Carolina VonKampen

Editor. Reader. Writer.

Tag: publishing (page 1 of 2)

8 Tips for Traveling to the Gleacher Center for Professional Development Certificate Classes

I didn’t know quite what to expect when I signed up for an in-person class through the University of Chicago editing certificate program. Would it be more similar to college classes or professional conferences I had attended? The Introduction to Acquisitions Editing class that I attended in Chicago was the perfect mixture of both: It was engaging 100 percent of the time; the class was small enough that I felt comfortable asking questions and talking; my classmates were mature professionals; the subject matter was something I was truly interested in; the instructor’s insights into the publishing industry were illuminating and practical.

But the actual classroom hours were just part of the overall experience of traveling to Chicago for a class. Along the way, I picked up some tips that I’ll put to use next time I attend an in-person class at the Gleacher Center. They may be of use to you, too, if you’re going to attend professional development certificate classes through the University of Chicago.

1. Don’t miss your train.

No comment…. If you think there’s a possibility you’ll miss your train or flight, don’t book the last one out of town so you have the option of hopping on the next one. That way you’ll make it to Chicago in time to check into your hotel or Airbnb and get to class the next morning. Again, this is *totally* hypothetical and not something that actually happened to me.

2. Bring food with you.

When I’m traveling alone, I don’t particularly want to leave my luggage alone in my seat. Somehow, I managed to avoid that situation by partially dehydrating myself for the first half of the trip and bringing food with me so I didn’t have to pay for (what I’m guessing is overpriced) train food. I was glad that I had thought to bring a sandwich, two Lunchables, a bag of Butterfinger bites, a bottle of kombucha, and two bottles of water with me for the six-plus hour train ride. It’s also not a bad idea to bring food to eat in Chicago, too, if you want to save money on a meal or two.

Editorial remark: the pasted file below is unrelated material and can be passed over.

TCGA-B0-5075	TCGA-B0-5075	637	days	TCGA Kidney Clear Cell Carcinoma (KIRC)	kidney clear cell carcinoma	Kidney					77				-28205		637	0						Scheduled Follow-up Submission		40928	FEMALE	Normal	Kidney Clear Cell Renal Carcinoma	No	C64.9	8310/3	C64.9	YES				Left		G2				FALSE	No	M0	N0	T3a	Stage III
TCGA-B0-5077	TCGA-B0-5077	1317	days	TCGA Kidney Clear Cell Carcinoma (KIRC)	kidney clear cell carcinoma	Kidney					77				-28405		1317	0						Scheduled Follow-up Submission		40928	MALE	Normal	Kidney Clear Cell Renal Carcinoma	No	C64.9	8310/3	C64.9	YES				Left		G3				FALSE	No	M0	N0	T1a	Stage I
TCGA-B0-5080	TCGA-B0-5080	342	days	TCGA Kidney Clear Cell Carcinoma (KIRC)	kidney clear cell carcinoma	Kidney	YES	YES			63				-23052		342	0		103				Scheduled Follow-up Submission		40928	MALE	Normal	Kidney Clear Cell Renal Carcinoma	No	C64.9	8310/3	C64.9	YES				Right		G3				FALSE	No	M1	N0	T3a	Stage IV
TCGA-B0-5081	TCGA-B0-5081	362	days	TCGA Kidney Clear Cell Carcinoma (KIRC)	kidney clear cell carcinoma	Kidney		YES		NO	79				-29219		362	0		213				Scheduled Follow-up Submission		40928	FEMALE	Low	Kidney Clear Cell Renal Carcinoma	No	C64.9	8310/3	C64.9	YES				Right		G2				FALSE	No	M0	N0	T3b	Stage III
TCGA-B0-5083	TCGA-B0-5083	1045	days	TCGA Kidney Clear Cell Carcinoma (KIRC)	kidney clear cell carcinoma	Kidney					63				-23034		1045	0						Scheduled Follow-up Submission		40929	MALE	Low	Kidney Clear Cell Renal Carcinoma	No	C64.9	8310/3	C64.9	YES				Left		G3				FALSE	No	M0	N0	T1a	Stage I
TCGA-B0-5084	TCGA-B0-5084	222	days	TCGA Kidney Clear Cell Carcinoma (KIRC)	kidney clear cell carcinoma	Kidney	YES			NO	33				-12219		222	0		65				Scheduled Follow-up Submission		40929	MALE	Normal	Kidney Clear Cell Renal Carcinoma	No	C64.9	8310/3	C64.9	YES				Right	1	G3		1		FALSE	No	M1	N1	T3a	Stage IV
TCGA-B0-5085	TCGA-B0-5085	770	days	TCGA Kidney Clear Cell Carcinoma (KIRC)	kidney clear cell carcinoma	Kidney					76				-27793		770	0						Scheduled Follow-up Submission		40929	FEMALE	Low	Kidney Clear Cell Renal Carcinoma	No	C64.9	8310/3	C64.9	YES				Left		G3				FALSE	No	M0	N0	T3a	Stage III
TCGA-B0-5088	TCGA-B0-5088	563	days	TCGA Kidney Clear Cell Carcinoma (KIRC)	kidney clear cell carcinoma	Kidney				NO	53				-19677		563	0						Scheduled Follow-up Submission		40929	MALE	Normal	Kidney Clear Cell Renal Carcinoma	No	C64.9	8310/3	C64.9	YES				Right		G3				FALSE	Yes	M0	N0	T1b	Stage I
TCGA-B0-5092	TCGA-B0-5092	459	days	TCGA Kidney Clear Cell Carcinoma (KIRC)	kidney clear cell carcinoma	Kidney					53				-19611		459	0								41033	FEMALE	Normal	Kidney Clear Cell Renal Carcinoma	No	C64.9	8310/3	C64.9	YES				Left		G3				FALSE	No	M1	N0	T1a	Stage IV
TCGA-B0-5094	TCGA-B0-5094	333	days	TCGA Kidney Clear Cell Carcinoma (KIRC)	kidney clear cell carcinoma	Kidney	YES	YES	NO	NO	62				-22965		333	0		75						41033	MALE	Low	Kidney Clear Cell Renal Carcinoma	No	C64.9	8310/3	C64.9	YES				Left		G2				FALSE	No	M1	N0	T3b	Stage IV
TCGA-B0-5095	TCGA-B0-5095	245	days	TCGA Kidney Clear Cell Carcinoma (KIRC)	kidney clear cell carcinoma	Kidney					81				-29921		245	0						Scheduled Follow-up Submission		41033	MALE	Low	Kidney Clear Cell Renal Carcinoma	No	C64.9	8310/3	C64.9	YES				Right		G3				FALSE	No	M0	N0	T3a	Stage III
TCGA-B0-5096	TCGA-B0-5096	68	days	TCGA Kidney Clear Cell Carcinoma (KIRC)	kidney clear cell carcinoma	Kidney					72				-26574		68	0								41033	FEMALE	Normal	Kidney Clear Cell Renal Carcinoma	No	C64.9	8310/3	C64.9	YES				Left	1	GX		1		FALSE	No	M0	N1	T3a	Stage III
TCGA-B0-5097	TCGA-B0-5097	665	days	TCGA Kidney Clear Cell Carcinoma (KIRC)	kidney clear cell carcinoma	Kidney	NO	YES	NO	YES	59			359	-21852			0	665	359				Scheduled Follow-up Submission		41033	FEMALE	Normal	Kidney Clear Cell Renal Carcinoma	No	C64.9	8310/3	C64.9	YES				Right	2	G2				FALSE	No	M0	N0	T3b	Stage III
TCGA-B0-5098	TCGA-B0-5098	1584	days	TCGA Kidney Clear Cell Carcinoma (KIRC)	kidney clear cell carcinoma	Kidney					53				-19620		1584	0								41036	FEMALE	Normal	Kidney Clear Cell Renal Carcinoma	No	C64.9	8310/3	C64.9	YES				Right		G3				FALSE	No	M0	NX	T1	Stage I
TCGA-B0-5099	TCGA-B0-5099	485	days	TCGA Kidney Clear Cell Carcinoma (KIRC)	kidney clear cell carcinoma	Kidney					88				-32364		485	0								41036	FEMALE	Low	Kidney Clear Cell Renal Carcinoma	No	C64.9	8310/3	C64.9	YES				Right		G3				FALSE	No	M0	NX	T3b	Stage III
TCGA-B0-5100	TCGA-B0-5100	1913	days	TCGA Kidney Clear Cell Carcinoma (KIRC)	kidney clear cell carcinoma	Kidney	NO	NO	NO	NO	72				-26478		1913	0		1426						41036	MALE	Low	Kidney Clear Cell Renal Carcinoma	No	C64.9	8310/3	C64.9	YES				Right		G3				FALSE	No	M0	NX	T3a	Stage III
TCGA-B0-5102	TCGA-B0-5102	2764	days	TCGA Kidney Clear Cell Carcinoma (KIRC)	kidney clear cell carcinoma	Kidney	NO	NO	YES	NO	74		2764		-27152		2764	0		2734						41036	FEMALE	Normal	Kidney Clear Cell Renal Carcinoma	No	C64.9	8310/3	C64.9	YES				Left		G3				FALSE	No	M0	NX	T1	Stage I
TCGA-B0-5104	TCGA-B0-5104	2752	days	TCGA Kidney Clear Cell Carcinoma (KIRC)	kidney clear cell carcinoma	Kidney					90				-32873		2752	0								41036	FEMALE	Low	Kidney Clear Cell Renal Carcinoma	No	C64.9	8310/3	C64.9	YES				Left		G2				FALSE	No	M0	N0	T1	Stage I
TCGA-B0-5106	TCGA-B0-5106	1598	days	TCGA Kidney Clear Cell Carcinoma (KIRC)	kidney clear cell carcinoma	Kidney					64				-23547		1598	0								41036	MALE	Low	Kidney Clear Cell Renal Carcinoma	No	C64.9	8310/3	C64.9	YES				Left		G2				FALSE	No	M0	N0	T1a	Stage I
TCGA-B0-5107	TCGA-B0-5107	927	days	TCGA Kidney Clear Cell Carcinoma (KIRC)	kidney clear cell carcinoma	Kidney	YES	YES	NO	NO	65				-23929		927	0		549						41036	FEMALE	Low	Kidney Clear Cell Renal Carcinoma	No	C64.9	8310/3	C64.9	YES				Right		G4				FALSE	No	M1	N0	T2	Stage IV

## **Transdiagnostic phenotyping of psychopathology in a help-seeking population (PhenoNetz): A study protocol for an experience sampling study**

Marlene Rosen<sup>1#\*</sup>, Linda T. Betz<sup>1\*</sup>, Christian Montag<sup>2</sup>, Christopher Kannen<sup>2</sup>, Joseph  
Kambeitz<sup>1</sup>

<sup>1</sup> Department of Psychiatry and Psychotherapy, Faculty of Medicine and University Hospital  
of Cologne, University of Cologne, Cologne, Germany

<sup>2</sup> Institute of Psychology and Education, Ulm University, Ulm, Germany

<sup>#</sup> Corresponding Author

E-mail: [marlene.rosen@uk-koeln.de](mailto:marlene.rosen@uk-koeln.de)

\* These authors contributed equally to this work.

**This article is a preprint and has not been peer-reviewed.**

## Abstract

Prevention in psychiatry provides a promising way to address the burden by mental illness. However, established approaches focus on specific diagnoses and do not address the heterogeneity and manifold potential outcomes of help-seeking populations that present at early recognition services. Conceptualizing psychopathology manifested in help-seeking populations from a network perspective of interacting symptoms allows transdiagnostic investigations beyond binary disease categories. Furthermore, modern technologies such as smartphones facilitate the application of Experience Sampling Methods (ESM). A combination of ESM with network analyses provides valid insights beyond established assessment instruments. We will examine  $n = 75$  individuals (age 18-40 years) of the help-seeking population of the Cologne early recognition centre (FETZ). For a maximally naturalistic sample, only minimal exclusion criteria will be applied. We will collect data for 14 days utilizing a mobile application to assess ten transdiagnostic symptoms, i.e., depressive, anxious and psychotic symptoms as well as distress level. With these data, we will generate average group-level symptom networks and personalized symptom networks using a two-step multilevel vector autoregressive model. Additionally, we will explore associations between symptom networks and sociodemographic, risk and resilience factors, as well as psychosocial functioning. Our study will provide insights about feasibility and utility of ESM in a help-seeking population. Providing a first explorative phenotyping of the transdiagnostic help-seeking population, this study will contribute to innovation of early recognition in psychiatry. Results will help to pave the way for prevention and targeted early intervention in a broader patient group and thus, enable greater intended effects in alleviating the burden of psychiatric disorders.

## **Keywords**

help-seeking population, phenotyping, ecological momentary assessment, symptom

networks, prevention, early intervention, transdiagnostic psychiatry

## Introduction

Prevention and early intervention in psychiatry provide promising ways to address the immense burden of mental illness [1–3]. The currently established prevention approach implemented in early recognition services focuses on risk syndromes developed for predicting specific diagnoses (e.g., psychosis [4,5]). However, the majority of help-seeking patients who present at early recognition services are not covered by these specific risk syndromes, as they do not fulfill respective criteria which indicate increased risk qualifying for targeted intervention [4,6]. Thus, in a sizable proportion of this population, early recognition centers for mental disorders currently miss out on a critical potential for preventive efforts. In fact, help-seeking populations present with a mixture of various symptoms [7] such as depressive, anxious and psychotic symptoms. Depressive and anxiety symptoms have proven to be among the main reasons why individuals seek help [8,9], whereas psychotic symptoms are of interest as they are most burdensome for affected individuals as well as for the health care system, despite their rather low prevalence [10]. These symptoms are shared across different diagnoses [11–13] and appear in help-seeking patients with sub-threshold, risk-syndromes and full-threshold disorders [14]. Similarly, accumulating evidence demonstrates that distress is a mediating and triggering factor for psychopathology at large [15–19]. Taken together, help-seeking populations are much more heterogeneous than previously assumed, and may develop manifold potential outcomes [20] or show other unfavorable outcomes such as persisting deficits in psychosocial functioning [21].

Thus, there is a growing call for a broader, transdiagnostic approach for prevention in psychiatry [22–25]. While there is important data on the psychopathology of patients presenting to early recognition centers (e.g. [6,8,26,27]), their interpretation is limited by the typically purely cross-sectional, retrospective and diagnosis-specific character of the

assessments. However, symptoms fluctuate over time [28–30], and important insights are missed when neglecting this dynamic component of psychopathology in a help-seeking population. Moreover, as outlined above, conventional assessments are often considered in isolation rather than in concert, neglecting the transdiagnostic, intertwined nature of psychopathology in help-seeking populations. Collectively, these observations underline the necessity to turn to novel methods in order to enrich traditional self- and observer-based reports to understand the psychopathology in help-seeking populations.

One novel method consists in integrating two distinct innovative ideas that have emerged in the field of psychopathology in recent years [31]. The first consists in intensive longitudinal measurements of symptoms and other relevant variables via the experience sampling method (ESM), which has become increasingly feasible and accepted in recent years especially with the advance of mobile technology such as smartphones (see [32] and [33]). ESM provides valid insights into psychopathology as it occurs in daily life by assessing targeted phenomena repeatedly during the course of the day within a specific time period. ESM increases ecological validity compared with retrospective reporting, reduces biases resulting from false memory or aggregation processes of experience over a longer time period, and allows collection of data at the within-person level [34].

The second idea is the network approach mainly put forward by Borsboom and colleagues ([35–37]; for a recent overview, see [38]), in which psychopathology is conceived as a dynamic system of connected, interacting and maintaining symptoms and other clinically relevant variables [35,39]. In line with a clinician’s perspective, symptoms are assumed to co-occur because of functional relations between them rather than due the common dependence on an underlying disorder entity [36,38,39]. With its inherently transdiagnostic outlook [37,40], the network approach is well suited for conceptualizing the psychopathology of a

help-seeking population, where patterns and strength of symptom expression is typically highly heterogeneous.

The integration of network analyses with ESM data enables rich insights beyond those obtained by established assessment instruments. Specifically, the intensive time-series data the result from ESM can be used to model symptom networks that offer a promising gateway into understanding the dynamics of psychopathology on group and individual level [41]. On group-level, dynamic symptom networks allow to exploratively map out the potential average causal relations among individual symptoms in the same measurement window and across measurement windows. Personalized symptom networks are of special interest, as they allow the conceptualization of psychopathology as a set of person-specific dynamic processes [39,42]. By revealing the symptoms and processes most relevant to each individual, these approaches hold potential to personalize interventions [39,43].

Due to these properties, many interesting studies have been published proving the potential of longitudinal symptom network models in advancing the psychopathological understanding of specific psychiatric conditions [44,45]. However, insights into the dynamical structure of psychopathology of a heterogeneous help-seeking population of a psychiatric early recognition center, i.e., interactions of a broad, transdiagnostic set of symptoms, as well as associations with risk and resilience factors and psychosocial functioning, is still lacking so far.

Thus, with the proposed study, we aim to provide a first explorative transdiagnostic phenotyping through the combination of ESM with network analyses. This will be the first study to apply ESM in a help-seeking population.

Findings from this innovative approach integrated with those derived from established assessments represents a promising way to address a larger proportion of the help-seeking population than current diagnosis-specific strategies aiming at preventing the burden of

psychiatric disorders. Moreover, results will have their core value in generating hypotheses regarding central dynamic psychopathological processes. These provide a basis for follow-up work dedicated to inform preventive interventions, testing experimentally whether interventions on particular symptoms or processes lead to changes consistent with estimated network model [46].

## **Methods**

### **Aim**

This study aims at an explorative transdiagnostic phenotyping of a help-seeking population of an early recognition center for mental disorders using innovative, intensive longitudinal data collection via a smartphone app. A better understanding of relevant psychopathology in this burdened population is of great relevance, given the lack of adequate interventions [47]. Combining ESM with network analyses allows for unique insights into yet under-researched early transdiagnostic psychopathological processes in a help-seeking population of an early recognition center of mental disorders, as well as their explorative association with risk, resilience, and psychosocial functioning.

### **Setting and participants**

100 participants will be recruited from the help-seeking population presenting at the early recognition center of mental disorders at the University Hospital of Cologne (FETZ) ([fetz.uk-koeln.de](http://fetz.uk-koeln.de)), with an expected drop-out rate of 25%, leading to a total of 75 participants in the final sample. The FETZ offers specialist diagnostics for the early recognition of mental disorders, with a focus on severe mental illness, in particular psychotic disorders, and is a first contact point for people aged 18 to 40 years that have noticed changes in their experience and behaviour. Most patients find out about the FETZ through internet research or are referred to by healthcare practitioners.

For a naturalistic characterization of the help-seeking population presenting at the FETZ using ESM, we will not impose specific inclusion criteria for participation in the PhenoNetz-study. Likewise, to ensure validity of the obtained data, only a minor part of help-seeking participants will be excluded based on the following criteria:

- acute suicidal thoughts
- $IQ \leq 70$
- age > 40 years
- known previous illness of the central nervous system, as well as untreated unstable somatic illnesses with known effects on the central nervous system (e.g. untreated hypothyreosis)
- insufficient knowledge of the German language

3. Show up early.

I underestimated how long I’d have to wait for coffee at a coffee shop that was between my Airbnb and the Gleacher Center, so I was the last to arrive at the class. I walked in two minutes early — and that was about thirteen minutes too late, especially for the first day. Next time, I’m going to plan more carefully and aim to be in the classroom 15 minutes before class starts.

4. Eat the free food in the classroom.

One very important reason to show up early for class is that the classrooms come with free food. Yes, free food! Obviously, I didn’t know this the first day of class, but on Saturday, I didn’t stop before class to get coffee or breakfast; I just ate in the classroom. The Gleacher Center provides pastries, bagels (and a toaster!), and fruit, as well as coffee, water, and orange juice, and I took full advantage of it.

5. Don’t dress up too much.

I had no idea what to expect in terms of dress code for the editing certificate classes, so I wore a dress and a blazer. As in, I bought a blazer specifically for the class because I didn’t already have one. No one else was so dressed up; even the instructor took off her blazer for most of the day. I was glad that I had thought to bring a sweater so I could tone it down and not be stuck in a blazer all day. Business casual is definitely acceptable in these classes (at least the editing ones), and that’s what I’m going to stick with in my next class.

6. Wear comfortable shoes.

Whether you’re going business casual or slightly more professional, wear shoes you can actually walk in. I got blisters on my feet after walking a little too far to lunch the first day (Portillo’s hot dogs were calling) and then didn’t want to walk to anything the rest of my time in Chicago. My feet have learned their lesson.

7. Plan where to eat before you get there.

Part of the reason I ruined my feet the first day of class was because I hadn’t planned where I was going to eat lunch the first day, so I panicked and walked to a restaurant I knew, even though it was 15 minutes away. This trip to Chicago is the third time in the past six months that I’ve gone to a city without determining where I should eat near the conference or class site, and after every trip, I’ve vowed to do better next time.